Back to the garden

I realise it’s been a while since I’ve posted much about the garden. That’s not because nothing is happening there and not because we haven’t been there much. Everything is growing well in the slightly damper than usual, but still warm, weather we’ve been having this month and on dry days we’ve watered, still using the good supply of free water from the stream that runs down the hill from the source – La Resclauze, or La Resclausa in Occitan – and usually keeps running until at least the end of June.  Yesterday evening we spent a couple of hours in the garden, watering, weeding and tying tomato and cucumber plants to their supports, and I took some photos of what’s happening there now:

The sweetcorn plants have grown incredibly quickly – some of them are as tall as I am now – and the male flowers are starting to appear at the tops of the plants.  These should soon be followed by female flowers.

The aubergine plants are flowering – they’re such pretty flowers that if these plants weren’t useful suppliers of vegetables I think they would still be grown just for their decorative qualities – and one tiny aubergine is beginning to grow.

The snails are enjoying some of the aubergine leaves, but so long as they don’t eat too much I don’t mind.

One of our apricots is beginning to ripen and we still have a good crop on the tree despite the rain and strong winds last month having knocked a lot to the ground.  This Roussillon variety is a late-ripening apricot and we usually harvest the fruits at the beginning of July – of course, they’re the tastiest apricots I’ve ever eaten!

Oleanders are flowering everywhere, especially in villages where they have been planted in public spaces, and in our garden.  There are several variations of colour in the flowers, from white to apricot pink to dark red, but this pink is my favourite as it reminds me of the oleanders outside our house in Libya when I was a child. (They’re pretty, but beware: every part of this plant is extremely poisonous.)

Today we took some time off to go to the sea and found it surprisingly rough and the beach almost deserted.  Not tempted to swim, we had coffee and rose-water flavoured pastries at a new Tunisian café next to the beach.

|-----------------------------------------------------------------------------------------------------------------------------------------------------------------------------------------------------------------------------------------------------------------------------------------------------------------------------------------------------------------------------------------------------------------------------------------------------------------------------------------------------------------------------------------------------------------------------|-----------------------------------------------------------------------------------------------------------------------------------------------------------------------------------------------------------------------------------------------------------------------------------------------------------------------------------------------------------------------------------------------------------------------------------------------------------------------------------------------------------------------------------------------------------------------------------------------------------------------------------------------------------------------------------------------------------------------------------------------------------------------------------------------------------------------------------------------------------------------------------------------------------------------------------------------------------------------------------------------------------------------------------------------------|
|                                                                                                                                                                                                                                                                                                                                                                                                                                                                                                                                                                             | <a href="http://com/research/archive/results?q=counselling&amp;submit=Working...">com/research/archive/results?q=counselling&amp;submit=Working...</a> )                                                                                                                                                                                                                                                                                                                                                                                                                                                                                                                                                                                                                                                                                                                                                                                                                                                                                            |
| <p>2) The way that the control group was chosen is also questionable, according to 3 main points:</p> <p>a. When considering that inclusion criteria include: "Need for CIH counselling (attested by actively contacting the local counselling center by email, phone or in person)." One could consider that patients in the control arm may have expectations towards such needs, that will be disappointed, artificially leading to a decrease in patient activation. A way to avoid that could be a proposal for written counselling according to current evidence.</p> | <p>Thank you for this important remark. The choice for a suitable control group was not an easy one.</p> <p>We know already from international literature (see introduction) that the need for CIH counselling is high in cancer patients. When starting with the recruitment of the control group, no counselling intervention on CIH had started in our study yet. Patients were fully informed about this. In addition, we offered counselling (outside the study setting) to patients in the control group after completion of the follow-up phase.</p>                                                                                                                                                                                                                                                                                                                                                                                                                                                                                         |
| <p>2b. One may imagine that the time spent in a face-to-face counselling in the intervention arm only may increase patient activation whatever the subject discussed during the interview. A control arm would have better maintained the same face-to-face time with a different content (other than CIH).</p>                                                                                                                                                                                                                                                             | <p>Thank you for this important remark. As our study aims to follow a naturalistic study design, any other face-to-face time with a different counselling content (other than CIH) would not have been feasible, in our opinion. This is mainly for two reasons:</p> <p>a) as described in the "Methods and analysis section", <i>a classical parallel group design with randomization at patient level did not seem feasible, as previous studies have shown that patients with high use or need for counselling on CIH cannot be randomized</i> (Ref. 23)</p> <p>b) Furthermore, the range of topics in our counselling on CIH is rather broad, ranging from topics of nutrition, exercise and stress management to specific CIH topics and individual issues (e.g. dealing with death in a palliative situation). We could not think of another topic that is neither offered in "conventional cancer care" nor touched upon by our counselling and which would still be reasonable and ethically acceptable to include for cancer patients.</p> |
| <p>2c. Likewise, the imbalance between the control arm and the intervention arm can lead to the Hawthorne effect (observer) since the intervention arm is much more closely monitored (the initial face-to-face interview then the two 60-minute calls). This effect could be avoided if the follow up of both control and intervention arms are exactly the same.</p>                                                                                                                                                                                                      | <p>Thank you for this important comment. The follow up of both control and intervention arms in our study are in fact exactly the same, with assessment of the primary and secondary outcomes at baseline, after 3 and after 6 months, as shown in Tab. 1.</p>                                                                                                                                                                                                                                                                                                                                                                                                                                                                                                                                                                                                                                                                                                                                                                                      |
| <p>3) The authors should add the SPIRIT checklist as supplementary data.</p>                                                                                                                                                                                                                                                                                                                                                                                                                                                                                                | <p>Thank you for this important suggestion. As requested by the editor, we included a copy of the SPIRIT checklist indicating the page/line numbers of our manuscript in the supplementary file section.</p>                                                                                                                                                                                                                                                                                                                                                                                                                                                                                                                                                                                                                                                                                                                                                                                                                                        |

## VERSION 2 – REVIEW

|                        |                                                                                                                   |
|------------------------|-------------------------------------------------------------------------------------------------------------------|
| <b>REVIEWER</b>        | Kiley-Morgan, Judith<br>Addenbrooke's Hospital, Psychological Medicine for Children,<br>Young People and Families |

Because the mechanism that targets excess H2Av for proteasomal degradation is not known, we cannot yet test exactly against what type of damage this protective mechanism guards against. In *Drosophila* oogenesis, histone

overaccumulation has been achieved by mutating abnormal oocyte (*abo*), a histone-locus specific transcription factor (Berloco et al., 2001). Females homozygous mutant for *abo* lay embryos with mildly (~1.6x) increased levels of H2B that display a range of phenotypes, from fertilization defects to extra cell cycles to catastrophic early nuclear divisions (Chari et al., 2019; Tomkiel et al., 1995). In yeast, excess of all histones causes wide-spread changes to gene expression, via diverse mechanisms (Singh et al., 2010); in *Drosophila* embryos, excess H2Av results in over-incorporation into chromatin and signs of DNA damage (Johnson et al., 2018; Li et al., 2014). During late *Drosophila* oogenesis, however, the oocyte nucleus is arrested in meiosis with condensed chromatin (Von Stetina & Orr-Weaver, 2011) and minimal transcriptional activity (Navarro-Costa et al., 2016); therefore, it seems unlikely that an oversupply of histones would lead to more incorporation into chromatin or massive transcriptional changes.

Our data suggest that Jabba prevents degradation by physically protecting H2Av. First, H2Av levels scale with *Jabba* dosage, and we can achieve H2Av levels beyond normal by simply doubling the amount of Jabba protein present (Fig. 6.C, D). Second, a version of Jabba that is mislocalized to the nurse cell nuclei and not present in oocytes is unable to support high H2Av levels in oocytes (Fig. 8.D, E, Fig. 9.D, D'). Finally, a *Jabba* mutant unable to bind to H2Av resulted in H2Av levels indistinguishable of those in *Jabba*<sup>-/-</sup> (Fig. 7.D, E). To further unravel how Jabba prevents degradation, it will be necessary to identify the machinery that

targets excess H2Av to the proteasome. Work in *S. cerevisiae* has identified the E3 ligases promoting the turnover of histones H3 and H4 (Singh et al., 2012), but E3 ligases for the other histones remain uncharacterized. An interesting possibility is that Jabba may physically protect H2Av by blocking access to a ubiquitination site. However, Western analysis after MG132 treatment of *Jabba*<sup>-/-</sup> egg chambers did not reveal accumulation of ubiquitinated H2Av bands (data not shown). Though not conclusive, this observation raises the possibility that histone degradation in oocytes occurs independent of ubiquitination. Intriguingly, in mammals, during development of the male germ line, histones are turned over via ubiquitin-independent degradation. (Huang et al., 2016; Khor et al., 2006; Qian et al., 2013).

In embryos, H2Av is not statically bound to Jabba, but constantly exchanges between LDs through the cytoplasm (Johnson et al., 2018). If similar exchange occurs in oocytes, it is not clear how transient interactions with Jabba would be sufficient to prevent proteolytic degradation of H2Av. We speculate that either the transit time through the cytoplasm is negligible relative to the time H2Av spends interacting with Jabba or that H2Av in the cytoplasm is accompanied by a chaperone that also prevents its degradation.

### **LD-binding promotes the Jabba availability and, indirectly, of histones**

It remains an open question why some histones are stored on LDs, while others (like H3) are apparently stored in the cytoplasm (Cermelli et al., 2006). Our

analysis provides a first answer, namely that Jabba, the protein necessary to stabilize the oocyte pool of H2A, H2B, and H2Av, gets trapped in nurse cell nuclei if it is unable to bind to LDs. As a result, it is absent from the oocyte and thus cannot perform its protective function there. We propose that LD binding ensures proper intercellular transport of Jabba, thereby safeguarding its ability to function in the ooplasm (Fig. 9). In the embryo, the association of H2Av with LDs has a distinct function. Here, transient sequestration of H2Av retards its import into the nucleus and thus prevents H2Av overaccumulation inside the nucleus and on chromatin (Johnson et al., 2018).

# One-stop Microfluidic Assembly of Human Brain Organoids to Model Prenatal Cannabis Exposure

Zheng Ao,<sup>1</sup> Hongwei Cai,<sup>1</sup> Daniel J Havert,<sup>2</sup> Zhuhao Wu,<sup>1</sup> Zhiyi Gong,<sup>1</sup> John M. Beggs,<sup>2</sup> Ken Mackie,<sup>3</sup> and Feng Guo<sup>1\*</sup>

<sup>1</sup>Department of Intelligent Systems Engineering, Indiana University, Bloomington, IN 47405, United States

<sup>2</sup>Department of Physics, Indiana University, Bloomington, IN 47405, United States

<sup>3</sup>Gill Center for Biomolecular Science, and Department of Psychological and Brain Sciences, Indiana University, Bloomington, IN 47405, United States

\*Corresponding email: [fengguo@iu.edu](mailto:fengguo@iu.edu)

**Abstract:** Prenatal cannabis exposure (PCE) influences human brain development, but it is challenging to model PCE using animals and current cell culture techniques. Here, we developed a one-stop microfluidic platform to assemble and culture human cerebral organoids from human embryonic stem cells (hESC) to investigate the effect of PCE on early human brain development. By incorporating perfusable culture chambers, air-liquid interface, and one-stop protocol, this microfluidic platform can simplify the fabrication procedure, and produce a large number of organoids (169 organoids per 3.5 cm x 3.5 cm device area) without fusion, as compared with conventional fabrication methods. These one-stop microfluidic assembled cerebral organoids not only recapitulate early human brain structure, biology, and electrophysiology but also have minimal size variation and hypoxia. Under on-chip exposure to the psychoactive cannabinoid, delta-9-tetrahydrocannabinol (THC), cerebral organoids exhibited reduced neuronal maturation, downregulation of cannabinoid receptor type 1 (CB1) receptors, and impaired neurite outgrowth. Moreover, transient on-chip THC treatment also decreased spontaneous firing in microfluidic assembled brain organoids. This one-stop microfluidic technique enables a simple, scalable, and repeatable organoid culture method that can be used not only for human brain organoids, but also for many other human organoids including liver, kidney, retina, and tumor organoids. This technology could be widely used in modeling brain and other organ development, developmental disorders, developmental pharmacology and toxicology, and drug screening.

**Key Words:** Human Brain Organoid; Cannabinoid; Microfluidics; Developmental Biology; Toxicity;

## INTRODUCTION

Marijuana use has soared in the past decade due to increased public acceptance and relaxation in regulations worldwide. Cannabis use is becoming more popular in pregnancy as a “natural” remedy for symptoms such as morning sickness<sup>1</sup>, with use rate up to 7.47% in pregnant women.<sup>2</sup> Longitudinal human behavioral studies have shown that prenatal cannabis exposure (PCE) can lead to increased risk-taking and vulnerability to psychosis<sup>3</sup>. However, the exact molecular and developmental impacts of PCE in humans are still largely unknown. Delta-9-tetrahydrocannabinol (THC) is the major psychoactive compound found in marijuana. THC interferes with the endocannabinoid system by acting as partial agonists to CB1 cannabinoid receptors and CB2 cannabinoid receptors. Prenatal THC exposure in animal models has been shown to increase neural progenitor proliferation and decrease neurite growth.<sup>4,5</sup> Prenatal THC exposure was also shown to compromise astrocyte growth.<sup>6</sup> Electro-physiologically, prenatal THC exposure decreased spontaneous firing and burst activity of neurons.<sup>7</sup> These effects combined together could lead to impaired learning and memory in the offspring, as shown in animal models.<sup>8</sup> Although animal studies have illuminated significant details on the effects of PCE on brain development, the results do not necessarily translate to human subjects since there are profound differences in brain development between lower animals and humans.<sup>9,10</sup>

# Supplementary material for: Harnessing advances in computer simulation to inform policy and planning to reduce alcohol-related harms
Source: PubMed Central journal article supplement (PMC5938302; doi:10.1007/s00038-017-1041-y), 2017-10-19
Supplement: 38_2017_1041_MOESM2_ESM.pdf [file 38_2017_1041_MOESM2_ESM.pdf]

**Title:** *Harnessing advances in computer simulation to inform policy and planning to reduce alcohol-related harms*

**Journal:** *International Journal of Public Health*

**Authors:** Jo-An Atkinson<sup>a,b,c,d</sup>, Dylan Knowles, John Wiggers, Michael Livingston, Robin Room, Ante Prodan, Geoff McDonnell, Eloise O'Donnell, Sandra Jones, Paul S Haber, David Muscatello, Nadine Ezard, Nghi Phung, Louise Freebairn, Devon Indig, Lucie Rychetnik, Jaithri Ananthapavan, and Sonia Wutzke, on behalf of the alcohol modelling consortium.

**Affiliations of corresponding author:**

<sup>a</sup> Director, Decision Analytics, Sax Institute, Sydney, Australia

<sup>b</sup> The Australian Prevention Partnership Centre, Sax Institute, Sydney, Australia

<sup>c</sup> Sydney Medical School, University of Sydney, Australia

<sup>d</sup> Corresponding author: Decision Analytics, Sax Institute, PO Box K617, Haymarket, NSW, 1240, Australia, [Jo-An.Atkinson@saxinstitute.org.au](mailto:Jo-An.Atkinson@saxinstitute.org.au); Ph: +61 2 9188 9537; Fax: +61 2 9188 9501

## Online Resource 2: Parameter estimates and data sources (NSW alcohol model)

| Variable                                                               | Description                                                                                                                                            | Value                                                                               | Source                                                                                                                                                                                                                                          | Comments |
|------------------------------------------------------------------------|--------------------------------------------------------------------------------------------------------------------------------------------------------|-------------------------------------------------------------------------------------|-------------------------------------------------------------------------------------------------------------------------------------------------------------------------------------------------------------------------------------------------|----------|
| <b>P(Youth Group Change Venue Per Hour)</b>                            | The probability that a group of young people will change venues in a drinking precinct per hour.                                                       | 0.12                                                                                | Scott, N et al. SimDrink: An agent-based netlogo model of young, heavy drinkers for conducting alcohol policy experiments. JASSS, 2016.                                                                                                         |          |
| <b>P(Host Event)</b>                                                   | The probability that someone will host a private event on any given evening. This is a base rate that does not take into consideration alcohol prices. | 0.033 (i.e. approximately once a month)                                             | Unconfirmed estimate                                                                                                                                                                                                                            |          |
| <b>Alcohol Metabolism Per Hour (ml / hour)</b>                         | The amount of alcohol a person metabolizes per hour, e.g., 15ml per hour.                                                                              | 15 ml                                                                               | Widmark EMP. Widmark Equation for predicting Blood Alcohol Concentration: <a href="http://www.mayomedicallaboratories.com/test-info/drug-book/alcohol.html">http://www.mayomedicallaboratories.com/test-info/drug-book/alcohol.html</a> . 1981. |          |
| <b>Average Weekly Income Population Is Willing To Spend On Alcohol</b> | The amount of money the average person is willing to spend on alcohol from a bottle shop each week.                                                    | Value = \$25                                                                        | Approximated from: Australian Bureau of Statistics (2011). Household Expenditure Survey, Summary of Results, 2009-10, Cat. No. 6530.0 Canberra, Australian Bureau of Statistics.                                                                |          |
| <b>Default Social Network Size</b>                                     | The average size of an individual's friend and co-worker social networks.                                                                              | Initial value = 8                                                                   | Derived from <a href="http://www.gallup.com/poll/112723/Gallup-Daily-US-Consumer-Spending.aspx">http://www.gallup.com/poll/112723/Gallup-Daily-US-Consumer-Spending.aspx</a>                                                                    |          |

>Good or bad? / Bon ou mauvais?

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I found these beetles on our Borlotti bean pods. They didn’t seem to be eating the beans. Does anyone know whether they’re good or bad?

Est-ce que vous savez si ces scarabées sont bons ou mauvais?

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The bees are good, I know, and so is the lavender / les abeilles sont bonnes, je le sais, et aussie la lavande.

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And the oleander flower are lovely, smell wonderful but the whole plant is deadly poisonous / Et les fleurs du laurier rose sont jolies, il sent très bon, mais le plant entier est vénéneux.

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>Mediterranean summer

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What is it that symbolises the Mediterranean for me? The olive tree, of course. It grows all around the Mediterranean, as well as in other parts of the world, and this kind of climate is the only one it thrives in. People in the Midi, as in other Mediterranean countries, have a special attachment to it. Its such an important tree that it deserves a post all to itself – and Ill do this one day soon. For now Ill just say that I think it is the most beautiful of all trees and I cant imagine now living anywhere where it doesnt grow.

Then theres the smell of thyme as I crush its leaves when I walk through scrubby garrigue, the flowers at the side of the road in springtime, the taste of it in cooking, leaves sprinkled on tomatoes, on goats cheese. We grew it in Wales, too, but without the heat of the Mediterranean sun it was never the same.

Summer begins properly for me when we hear the cicadas – theyve just started here in the last week. Their chattering begins when the temperature reaches 26 degrees C, and as the sun rises in the mornings and reaches higher up a hillside you can hear each tree being switched on as the cicadas sense its heat.

And oleanders. Their flowers in different shades of white, pink, red, are all coming out now, lining the road at the entrance to villages, in gardens and parks. Theyre all beautiful (although poisonous), but for me its the pink ones which are the real oleanders – the ones we had in the garden when I was a child in Libya.

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And the Mediterranean sea itself: